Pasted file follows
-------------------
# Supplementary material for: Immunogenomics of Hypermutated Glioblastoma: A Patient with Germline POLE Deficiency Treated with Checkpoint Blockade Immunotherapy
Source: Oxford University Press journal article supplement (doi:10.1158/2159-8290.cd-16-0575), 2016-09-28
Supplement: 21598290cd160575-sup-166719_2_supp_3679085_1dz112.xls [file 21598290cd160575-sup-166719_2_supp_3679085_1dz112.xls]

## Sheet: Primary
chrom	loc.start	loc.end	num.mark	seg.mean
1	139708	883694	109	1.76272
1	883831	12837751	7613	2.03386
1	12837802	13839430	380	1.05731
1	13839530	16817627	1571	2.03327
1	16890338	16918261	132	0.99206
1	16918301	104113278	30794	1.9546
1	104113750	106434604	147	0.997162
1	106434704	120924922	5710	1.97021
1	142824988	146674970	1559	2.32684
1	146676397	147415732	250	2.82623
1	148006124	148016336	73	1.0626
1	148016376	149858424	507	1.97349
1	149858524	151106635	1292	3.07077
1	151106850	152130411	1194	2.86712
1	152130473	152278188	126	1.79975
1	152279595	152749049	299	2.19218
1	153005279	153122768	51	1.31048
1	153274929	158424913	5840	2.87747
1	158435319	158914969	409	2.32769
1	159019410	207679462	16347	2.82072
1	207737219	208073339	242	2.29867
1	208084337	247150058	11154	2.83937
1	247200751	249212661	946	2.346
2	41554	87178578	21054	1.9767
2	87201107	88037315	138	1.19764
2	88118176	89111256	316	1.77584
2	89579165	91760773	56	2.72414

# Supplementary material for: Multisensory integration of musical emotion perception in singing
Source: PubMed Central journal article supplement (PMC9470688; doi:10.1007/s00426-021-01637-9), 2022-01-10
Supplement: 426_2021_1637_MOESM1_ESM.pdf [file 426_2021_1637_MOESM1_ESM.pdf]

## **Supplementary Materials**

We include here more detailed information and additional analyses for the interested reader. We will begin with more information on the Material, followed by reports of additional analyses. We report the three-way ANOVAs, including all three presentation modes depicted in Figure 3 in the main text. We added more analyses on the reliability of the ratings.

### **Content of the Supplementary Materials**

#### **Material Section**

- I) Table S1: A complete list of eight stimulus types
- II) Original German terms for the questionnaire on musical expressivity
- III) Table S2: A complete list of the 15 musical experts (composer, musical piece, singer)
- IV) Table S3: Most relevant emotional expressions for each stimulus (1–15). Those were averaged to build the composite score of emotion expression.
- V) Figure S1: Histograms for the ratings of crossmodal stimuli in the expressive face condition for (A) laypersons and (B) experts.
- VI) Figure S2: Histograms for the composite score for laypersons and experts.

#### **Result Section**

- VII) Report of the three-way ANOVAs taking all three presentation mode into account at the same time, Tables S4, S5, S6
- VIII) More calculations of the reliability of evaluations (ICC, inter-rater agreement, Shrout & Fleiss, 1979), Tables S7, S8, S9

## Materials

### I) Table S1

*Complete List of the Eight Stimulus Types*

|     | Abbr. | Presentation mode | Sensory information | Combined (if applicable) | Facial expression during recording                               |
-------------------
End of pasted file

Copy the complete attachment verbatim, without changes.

# Supplementary material for: Immunogenomics of Hypermutated Glioblastoma: A Patient with Germline POLE Deficiency Treated with Checkpoint Blockade Immunotherapy
Source: Oxford University Press journal article supplement (doi:10.1158/2159-8290.cd-16-0575), 2016-09-28
Supplement: 21598290cd160575-sup-166719_2_supp_3679085_1dz112.xls [file 21598290cd160575-sup-166719_2_supp_3679085_1dz112.xls]

## Sheet: Primary
chrom	loc.start	loc.end	num.mark	seg.mean
1	139708	883694	109	1.76272
1	883831	12837751	7613	2.03386
1	12837802	13839430	380	1.05731
1	13839530	16817627	1571	2.03327
1	16890338	16918261	132	0.99206
1	16918301	104113278	30794	1.9546
1	104113750	106434604	147	0.997162
1	106434704	120924922	5710	1.97021
1	142824988	146674970	1559	2.32684
1	146676397	147415732	250	2.82623
1	148006124	148016336	73	1.0626
1	148016376	149858424	507	1.97349
1	149858524	151106635	1292	3.07077
1	151106850	152130411	1194	2.86712
1	152130473	152278188	126	1.79975
1	152279595	152749049	299	2.19218
1	153005279	153122768	51	1.31048
1	153274929	158424913	5840	2.87747
1	158435319	158914969	409	2.32769
1	159019410	207679462	16347	2.82072
1	207737219	208073339	242	2.29867
1	208084337	247150058	11154	2.83937
1	247200751	249212661	946	2.346
2	41554	87178578	21054	1.9767
2	87201107	88037315	138	1.19764
2	88118176	89111256	316	1.77584
2	89579165	91760773	56	2.72414

# Supplementary material for: Multisensory integration of musical emotion perception in singing
Source: PubMed Central journal article supplement (PMC9470688; doi:10.1007/s00426-021-01637-9), 2022-01-10
Supplement: 426_2021_1637_MOESM1_ESM.pdf [file 426_2021_1637_MOESM1_ESM.pdf]

## **Supplementary Materials**

We include here more detailed information and additional analyses for the interested reader. We will begin with more information on the Material, followed by reports of additional analyses. We report the three-way ANOVAs, including all three presentation modes depicted in Figure 3 in the main text. We added more analyses on the reliability of the ratings.

### **Content of the Supplementary Materials**

#### **Material Section**

- I) Table S1: A complete list of eight stimulus types
- II) Original German terms for the questionnaire on musical expressivity
- III) Table S2: A complete list of the 15 musical experts (composer, musical piece, singer)
- IV) Table S3: Most relevant emotional expressions for each stimulus (1–15). Those were averaged to build the composite score of emotion expression.
- V) Figure S1: Histograms for the ratings of crossmodal stimuli in the expressive face condition for (A) laypersons and (B) experts.
- VI) Figure S2: Histograms for the composite score for laypersons and experts.

#### **Result Section**

- VII) Report of the three-way ANOVAs taking all three presentation mode into account at the same time, Tables S4, S5, S6
- VIII) More calculations of the reliability of evaluations (ICC, inter-rater agreement, Shrout & Fleiss, 1979), Tables S7, S8, S9

## Materials

### I) Table S1

*Complete List of the Eight Stimulus Types*

|     | Abbr. | Presentation mode | Sensory information | Combined (if applicable) | Facial expression during recording                               |